BARON: Right.

O'REILLY: They're based in Portland, Oregon.

BARON: Right.

O'REILLY: However, they do, when they find predators online or someone they think, alert the authorities in the areas. And this was in Texas. And they alerted the authorities correct?

BARON: Correct. But you know what it is, Bill? The reality of it is, police and law enforcement should never subcontract police work. Police are trained to handle these situations, so they don't get to the unfortunate situation like it got to with him.

O'REILLY: OK, but what if I find somebody on the Internet who's a predator, say I'm a parent and my child is being accosted, I'm going to call the police.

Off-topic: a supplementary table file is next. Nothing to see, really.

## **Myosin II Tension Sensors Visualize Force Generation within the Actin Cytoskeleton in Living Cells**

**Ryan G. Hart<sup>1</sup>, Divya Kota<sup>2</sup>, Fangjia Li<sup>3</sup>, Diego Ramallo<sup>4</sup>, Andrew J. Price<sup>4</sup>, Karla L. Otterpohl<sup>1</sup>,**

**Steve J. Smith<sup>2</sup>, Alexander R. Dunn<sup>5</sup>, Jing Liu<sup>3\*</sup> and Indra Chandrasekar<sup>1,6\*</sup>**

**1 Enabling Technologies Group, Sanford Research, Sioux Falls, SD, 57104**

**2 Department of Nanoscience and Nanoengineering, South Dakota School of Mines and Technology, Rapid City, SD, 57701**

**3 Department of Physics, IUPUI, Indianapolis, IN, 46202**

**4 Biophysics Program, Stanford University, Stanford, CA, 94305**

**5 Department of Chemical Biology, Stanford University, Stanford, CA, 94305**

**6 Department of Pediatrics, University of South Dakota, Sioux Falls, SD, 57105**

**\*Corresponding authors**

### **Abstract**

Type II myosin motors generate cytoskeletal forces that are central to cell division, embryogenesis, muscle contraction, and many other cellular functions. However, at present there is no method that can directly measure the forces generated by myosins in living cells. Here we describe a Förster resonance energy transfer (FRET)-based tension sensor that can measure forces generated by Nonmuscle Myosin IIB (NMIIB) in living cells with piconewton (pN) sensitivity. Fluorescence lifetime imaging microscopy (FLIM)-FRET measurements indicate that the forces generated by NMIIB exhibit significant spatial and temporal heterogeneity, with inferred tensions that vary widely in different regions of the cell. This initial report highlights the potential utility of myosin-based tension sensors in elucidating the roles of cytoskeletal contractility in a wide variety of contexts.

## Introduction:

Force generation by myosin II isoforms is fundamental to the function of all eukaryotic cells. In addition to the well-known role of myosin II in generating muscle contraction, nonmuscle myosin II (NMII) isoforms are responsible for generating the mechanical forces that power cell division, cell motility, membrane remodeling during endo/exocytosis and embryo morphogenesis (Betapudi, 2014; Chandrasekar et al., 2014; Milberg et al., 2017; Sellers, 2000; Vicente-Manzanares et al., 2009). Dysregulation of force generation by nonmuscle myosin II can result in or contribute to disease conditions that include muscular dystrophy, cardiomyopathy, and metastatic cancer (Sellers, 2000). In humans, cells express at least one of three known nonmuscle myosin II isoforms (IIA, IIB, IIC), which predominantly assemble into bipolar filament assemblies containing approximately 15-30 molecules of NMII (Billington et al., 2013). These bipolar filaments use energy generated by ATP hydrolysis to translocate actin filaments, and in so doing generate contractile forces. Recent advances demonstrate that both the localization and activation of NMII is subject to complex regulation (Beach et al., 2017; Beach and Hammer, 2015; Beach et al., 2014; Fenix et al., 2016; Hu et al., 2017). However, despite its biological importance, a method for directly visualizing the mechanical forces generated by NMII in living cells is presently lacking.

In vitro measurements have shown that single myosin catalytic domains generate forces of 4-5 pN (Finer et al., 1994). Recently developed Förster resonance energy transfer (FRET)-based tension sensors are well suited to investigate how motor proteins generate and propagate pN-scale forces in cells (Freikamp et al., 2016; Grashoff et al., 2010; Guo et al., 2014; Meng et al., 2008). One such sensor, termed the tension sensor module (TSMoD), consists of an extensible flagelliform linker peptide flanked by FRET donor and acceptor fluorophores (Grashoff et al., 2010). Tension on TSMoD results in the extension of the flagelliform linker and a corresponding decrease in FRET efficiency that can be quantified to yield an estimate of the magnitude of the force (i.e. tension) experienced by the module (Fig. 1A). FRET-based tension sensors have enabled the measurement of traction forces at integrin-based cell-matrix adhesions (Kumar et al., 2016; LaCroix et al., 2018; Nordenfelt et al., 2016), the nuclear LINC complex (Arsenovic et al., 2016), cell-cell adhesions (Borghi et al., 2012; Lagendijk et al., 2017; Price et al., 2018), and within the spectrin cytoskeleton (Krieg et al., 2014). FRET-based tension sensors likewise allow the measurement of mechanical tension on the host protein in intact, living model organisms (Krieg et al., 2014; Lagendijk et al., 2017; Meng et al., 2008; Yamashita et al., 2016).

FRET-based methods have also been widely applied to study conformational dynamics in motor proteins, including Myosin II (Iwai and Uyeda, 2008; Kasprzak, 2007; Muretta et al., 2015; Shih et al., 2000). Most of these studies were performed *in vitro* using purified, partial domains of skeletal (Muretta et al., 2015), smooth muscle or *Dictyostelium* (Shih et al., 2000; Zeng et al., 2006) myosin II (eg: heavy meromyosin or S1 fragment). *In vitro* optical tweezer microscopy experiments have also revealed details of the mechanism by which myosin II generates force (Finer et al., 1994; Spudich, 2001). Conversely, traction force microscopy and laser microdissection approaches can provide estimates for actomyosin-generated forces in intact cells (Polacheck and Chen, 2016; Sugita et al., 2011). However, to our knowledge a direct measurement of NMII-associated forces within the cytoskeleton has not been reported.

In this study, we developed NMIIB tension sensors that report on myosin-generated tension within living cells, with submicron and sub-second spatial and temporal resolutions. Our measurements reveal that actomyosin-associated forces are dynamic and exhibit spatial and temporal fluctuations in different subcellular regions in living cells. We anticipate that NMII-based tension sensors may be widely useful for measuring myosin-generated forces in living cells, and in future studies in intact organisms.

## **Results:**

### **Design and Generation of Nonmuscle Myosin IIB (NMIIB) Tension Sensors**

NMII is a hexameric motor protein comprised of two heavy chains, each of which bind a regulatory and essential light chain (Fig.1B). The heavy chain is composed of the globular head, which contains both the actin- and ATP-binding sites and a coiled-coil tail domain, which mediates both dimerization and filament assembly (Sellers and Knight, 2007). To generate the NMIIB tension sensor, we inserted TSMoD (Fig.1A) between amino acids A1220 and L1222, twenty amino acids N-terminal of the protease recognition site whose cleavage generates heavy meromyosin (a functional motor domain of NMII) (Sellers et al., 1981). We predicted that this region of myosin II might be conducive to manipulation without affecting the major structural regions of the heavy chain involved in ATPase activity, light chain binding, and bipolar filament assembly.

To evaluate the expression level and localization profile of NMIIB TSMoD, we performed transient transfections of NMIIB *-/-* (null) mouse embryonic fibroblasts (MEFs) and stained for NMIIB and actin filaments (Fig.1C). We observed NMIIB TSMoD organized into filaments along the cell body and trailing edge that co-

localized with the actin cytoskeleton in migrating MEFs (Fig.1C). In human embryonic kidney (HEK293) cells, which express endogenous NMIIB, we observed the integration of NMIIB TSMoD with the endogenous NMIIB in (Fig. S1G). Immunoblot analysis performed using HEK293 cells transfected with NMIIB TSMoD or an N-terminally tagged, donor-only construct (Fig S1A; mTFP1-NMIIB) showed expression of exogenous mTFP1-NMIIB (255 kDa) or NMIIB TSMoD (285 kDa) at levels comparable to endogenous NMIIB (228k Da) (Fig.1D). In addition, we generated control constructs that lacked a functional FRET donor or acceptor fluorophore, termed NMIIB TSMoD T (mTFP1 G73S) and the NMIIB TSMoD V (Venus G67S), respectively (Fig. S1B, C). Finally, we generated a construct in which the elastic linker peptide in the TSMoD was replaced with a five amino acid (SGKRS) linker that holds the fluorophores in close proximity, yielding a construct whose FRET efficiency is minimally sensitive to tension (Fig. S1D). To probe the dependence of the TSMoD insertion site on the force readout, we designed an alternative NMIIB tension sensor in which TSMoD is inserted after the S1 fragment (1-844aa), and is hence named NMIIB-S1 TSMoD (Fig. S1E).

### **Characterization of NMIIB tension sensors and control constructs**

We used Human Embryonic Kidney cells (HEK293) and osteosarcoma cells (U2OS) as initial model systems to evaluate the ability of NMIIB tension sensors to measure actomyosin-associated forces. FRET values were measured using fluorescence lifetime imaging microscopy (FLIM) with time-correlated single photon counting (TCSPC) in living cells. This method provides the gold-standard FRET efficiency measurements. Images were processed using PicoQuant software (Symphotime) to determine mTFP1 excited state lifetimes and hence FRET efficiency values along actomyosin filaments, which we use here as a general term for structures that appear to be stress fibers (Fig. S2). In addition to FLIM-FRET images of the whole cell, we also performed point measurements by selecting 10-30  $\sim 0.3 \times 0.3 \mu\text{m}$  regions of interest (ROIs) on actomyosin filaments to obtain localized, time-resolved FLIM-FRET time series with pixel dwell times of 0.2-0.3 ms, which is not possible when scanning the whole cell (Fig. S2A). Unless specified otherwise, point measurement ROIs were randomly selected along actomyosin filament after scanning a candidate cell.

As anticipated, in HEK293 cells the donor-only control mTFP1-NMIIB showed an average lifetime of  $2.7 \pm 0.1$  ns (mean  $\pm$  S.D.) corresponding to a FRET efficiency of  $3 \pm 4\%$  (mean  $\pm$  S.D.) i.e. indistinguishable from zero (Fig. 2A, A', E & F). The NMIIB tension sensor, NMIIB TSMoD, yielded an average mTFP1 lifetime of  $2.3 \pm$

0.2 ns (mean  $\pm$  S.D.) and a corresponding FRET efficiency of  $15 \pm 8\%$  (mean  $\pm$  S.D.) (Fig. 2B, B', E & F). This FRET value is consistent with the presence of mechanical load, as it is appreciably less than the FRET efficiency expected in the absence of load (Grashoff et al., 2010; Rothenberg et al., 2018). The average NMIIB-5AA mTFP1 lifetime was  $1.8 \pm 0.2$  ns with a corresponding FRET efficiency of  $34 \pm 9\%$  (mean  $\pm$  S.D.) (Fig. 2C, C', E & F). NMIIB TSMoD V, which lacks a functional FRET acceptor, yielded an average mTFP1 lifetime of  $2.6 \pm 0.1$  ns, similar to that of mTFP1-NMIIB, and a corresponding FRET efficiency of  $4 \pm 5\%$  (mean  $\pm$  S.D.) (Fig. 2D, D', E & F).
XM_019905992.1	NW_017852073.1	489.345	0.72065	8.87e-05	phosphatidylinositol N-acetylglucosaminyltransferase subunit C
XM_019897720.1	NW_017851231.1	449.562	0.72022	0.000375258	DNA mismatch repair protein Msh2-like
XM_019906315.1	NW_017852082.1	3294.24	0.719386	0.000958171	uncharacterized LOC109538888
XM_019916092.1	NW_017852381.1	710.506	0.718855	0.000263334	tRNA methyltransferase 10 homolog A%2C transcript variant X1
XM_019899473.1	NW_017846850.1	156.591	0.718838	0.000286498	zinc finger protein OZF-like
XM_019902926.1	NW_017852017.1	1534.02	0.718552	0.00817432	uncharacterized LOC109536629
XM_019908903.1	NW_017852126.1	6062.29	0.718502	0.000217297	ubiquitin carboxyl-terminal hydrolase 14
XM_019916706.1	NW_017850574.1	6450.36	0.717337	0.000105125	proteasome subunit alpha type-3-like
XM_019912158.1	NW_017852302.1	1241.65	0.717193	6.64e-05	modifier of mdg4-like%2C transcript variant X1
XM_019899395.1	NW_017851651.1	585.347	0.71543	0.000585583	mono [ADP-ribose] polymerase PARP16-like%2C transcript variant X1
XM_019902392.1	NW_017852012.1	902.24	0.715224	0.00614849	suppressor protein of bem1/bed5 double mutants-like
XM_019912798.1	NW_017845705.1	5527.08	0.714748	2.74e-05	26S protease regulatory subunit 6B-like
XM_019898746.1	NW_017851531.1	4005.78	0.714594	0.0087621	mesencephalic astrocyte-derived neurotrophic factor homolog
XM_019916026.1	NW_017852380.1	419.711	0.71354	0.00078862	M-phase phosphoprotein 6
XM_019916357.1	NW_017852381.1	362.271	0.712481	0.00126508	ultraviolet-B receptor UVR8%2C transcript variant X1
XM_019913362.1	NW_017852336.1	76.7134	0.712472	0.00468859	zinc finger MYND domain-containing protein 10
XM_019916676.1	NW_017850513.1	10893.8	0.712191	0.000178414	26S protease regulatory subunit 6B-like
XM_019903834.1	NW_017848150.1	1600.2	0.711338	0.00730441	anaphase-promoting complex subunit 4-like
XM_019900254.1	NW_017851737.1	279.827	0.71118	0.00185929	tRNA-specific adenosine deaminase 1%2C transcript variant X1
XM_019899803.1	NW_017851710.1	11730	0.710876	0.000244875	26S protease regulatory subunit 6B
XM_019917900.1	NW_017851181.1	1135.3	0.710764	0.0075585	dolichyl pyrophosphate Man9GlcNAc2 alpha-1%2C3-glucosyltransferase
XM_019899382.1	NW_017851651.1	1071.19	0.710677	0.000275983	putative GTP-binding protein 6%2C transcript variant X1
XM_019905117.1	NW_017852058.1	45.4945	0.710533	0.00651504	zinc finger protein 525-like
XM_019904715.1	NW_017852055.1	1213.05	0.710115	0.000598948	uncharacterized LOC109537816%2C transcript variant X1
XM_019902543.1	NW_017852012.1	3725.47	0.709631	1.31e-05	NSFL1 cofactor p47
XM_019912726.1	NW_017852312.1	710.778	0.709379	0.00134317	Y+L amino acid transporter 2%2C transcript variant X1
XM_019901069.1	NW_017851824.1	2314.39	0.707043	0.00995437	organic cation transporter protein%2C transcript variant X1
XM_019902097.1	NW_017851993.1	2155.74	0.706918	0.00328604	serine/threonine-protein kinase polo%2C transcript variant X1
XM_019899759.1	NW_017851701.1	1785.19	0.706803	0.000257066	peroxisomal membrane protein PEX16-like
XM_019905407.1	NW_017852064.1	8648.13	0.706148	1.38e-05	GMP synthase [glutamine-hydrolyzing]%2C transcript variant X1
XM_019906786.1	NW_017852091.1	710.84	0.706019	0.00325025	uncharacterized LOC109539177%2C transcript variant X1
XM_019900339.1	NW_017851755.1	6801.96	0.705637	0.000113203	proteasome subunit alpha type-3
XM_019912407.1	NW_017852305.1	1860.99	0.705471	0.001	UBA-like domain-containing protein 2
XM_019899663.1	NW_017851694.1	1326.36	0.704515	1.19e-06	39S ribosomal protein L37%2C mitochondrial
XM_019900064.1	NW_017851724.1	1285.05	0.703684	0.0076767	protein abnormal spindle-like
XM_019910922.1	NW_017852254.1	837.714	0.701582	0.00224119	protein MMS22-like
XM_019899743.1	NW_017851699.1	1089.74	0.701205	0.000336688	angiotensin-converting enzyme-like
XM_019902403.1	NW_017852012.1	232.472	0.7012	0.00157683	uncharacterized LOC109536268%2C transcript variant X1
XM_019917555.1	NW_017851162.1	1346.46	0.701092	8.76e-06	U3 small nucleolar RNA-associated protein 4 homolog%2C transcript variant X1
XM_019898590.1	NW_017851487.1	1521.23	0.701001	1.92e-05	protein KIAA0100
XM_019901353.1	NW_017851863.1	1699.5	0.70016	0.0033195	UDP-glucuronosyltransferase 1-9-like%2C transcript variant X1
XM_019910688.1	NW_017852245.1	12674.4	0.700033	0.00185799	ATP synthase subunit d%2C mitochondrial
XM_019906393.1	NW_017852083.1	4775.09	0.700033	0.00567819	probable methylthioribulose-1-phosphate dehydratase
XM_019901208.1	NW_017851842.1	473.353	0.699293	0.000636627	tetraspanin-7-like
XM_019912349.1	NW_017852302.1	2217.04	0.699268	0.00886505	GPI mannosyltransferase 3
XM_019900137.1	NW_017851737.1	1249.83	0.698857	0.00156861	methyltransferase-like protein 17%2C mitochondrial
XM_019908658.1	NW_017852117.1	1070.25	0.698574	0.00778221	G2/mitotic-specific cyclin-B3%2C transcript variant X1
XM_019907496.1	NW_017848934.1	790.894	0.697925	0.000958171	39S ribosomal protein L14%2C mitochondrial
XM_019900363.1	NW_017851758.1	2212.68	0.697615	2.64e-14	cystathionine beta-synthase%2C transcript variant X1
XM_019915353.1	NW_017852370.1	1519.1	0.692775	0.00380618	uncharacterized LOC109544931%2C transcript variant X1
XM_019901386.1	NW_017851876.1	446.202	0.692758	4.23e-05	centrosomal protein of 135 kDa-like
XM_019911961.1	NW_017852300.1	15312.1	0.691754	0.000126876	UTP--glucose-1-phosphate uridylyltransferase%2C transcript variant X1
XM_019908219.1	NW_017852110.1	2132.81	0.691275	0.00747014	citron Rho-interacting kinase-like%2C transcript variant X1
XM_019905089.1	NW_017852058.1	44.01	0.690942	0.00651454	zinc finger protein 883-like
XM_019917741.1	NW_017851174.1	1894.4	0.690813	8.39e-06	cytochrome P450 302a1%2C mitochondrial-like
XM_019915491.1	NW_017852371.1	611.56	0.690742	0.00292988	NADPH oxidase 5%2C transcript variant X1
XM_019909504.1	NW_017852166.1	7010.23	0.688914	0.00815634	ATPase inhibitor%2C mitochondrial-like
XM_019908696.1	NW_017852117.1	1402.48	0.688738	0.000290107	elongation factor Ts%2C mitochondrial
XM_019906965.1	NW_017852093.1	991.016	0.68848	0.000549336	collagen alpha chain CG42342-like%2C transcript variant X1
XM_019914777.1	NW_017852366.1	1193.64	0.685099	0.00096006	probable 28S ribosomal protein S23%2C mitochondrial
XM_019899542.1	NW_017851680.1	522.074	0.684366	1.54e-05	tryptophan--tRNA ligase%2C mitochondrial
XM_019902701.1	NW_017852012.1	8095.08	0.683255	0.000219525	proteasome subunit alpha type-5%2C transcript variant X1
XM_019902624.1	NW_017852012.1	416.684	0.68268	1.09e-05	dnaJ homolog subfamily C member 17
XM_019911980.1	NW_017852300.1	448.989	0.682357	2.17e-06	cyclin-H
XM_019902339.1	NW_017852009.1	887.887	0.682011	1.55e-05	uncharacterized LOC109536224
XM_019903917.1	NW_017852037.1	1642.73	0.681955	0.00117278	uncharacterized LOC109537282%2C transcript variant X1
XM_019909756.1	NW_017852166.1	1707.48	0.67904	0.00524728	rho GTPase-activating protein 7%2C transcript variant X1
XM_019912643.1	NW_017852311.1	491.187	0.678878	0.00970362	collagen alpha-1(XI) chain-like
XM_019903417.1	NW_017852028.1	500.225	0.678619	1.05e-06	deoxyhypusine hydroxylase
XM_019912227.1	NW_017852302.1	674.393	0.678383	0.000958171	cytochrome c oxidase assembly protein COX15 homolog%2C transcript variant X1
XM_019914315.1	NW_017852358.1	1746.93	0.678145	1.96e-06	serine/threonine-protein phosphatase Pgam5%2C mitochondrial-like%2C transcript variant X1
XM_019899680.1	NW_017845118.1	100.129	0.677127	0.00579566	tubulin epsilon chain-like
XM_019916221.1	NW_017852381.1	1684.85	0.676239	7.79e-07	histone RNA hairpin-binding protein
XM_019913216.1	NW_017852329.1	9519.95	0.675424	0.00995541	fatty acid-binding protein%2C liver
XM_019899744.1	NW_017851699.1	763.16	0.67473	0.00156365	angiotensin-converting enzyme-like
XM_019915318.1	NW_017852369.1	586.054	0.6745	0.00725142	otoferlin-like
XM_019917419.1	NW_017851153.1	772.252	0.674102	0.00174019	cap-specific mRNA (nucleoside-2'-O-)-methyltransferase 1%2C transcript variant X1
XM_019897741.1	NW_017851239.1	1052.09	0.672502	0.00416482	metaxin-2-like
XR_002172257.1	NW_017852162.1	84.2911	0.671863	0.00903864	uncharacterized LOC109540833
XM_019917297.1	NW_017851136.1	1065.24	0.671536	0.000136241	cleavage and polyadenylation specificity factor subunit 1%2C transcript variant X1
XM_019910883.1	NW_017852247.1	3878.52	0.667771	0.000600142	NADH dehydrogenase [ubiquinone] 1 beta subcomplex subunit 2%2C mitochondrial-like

BARON: And you should.

O'REILLY: Well, what…

BARON: But you shouldn't call NBC.

O'REILLY: But why would that be different by NBC and Perverted Justice doing the same thing? They've identified people they believe are predators. Then they call the police.

BARON: Here's the problem, Bill. Conradt, who was a career prosecutor, afforded his defendants that he prosecuted in his career a presumption of innocence and a presumption of fair trial. When he opened up the window and saw Chris Hanson on his lawn.

O'REILLY: The NBC reporter?

BARON: That's correct. He knew he wasn't there to visit his grandmother. His presumption of innocence was thrown out the window. And that's not right. NBC has no right to declare — become the judge, the jury, and sentence him to death.

O'REILLY: All right. So you're saying that just the exposition and the arrest of Mr. Conradt was a conviction?

BARON: Not the arrest. Not the arrest. But.